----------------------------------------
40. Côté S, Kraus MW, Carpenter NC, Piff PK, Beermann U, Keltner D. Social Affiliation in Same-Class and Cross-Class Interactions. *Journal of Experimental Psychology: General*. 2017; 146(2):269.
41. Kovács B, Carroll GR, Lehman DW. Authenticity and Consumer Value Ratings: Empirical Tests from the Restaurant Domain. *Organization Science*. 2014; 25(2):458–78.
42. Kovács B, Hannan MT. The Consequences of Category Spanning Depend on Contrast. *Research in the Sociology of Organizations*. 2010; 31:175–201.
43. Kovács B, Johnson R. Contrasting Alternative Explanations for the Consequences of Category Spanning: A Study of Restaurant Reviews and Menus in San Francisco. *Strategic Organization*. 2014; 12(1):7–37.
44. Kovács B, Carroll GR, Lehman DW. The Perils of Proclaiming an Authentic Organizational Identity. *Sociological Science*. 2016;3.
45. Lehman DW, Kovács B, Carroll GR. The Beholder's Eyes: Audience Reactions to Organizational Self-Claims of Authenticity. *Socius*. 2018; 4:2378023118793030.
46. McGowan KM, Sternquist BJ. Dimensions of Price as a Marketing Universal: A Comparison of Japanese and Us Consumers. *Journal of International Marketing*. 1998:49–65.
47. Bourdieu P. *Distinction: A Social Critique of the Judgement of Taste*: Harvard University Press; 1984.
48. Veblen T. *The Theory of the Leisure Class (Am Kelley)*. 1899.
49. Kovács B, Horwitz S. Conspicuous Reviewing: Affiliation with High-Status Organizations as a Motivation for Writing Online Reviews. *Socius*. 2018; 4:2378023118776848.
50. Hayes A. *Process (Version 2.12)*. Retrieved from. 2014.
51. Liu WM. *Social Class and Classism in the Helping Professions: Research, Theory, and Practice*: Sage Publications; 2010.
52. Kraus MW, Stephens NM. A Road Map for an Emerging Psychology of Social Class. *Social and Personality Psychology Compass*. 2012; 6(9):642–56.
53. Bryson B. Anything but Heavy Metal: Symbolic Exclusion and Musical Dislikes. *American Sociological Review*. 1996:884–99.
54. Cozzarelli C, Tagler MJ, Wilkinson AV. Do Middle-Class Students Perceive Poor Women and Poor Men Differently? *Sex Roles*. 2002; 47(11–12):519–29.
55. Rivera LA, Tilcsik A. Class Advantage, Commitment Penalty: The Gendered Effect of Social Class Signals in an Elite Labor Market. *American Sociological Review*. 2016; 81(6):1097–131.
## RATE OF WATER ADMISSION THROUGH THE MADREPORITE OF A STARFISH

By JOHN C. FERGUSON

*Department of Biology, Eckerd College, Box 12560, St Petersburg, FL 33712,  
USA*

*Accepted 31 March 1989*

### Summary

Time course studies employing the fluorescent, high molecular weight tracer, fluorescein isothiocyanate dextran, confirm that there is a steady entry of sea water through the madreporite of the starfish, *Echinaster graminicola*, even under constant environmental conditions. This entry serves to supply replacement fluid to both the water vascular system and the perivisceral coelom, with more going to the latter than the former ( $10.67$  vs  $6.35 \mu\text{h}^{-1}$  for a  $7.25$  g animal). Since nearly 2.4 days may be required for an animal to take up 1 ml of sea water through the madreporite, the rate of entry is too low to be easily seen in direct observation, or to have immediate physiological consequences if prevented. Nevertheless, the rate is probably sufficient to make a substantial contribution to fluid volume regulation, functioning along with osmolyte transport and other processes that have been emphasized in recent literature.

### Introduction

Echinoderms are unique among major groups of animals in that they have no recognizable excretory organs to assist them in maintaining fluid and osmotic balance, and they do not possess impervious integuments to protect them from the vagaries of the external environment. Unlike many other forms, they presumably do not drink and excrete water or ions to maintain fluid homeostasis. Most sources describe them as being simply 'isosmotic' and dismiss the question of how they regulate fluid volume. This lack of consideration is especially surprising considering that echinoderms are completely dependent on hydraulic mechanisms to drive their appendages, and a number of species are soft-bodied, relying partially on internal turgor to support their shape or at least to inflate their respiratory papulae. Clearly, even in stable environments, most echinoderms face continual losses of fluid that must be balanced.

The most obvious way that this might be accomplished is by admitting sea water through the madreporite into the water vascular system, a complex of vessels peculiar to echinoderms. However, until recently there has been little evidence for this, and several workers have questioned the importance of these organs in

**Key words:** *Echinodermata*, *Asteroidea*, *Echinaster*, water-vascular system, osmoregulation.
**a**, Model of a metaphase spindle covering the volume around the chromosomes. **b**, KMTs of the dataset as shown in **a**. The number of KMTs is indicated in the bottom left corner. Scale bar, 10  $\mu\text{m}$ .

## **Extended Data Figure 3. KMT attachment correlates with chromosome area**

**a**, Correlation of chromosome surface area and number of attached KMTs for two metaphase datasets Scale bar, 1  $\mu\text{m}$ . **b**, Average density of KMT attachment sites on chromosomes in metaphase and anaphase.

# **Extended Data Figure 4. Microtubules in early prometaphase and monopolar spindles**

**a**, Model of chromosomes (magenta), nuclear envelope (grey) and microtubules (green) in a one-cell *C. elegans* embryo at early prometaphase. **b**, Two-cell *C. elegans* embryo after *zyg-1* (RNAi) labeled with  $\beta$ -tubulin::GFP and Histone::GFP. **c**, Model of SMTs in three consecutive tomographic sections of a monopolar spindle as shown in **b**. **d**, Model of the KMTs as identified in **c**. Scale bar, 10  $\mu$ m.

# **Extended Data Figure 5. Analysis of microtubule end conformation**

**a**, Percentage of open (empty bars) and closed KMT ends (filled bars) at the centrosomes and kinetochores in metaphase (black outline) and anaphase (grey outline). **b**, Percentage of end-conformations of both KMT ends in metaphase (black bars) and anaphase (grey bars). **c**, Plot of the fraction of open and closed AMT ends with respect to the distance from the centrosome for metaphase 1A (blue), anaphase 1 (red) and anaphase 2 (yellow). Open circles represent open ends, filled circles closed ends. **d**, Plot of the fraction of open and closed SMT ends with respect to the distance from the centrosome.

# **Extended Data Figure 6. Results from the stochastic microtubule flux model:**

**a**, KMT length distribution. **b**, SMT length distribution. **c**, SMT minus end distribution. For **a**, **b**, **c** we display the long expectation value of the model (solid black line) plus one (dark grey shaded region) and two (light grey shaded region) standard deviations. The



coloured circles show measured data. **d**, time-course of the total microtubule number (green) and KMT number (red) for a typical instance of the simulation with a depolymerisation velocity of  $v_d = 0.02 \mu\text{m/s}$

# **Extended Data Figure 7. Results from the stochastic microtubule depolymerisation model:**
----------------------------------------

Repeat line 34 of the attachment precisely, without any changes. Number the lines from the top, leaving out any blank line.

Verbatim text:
**a**, Percentage of open (empty bars) and closed KMT ends (filled bars) at the centrosomes and kinetochores in metaphase (black outline) and anaphase (grey outline). **b**, Percentage of end-conformations of both KMT ends in metaphase (black bars) and anaphase (grey bars). **c**, Plot of the fraction of open and closed AMT ends with respect to the distance from the centrosome for metaphase 1A (blue), anaphase 1 (red) and anaphase 2 (yellow). Open circles represent open ends, filled circles closed ends. **d**, Plot of the fraction of open and closed SMT ends with respect to the distance from the centrosome.